Bratton was brought in first to consult and later to head the LAPD in 2002 by then-Mayor Jim Hahn. A decade later, he led an investigation into Oakland's implementation of CompStat, and issued a scathing critique in 2012.

But while his data-driven reforms were praised at the time, the NYPD has since been court-ordered to produce records about testing, development, and use of predictive analytics tools, and just a few months ago, the LAPD pulled out of two of its predictive policing contracts, including one with PredPol, the same company Santa Cruz was using.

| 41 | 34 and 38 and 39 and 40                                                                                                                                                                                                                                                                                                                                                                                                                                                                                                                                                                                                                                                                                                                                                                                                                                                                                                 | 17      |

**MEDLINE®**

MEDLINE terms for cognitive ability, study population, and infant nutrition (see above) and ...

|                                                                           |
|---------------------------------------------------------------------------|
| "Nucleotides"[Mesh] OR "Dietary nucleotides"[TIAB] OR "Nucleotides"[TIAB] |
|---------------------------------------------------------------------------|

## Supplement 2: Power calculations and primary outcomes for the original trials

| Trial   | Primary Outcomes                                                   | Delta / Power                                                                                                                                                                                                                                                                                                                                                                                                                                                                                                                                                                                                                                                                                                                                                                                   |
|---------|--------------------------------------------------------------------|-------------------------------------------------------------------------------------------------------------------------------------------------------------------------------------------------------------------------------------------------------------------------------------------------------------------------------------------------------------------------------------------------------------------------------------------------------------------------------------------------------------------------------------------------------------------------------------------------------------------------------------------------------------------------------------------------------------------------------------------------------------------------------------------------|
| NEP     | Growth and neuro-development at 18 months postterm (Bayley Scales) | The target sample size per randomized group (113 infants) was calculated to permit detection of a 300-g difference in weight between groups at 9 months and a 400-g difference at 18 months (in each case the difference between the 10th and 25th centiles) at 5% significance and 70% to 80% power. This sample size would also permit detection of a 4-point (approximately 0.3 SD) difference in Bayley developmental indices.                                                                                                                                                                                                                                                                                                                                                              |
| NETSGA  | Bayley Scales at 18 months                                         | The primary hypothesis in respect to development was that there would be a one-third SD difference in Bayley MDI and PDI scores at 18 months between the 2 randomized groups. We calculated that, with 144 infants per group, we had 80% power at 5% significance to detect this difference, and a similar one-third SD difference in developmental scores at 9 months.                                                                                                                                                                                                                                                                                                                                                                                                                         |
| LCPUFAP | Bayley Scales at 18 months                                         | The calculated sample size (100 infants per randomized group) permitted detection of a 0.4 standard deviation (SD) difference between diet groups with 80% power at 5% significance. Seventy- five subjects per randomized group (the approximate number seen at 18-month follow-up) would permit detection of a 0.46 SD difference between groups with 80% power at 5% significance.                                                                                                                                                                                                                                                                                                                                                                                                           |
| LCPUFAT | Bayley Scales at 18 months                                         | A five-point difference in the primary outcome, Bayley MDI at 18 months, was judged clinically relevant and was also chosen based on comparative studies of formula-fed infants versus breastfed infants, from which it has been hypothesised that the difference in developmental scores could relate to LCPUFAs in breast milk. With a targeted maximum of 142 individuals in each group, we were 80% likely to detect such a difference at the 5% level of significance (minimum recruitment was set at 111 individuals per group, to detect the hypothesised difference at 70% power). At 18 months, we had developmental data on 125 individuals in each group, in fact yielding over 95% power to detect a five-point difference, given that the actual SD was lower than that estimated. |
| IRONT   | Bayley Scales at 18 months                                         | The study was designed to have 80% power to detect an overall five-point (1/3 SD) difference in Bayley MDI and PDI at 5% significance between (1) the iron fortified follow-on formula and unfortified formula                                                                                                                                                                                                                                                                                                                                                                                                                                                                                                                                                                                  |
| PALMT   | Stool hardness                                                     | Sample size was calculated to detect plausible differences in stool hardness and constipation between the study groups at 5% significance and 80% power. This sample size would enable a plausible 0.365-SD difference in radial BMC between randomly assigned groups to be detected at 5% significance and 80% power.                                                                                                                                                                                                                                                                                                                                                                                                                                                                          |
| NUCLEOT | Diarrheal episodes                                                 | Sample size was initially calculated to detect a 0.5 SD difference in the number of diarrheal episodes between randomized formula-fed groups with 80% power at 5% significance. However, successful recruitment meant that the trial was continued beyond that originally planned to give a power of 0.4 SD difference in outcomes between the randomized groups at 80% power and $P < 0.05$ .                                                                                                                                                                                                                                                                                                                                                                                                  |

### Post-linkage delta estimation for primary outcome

LAPD publicly blamed pandemic era budget restrictions for ending the contract, but as Muckrock reported, internal auditing couldn’t determine the programs were effective. The 48-page report from the office of Inspector General Mark Smith issued last March, found the department needs tougher standards for data collection, record keeping, and communicating its policies to the public to guard against targeting minorities and certain neighborhoods.

"After ten years, with enough public pressure and community concern, it was an easy decision to just pull the plug," said Andrew Ferguson, a law professor at American University and author of The Rise of Big Data Policing: Surveillance, Race, and the Future of Law Enforcement.

Whether one takes issue with data-driven policing itself or the way it's implemented, there have been a host of issues with the way many California police departments have gathered and maintained databases.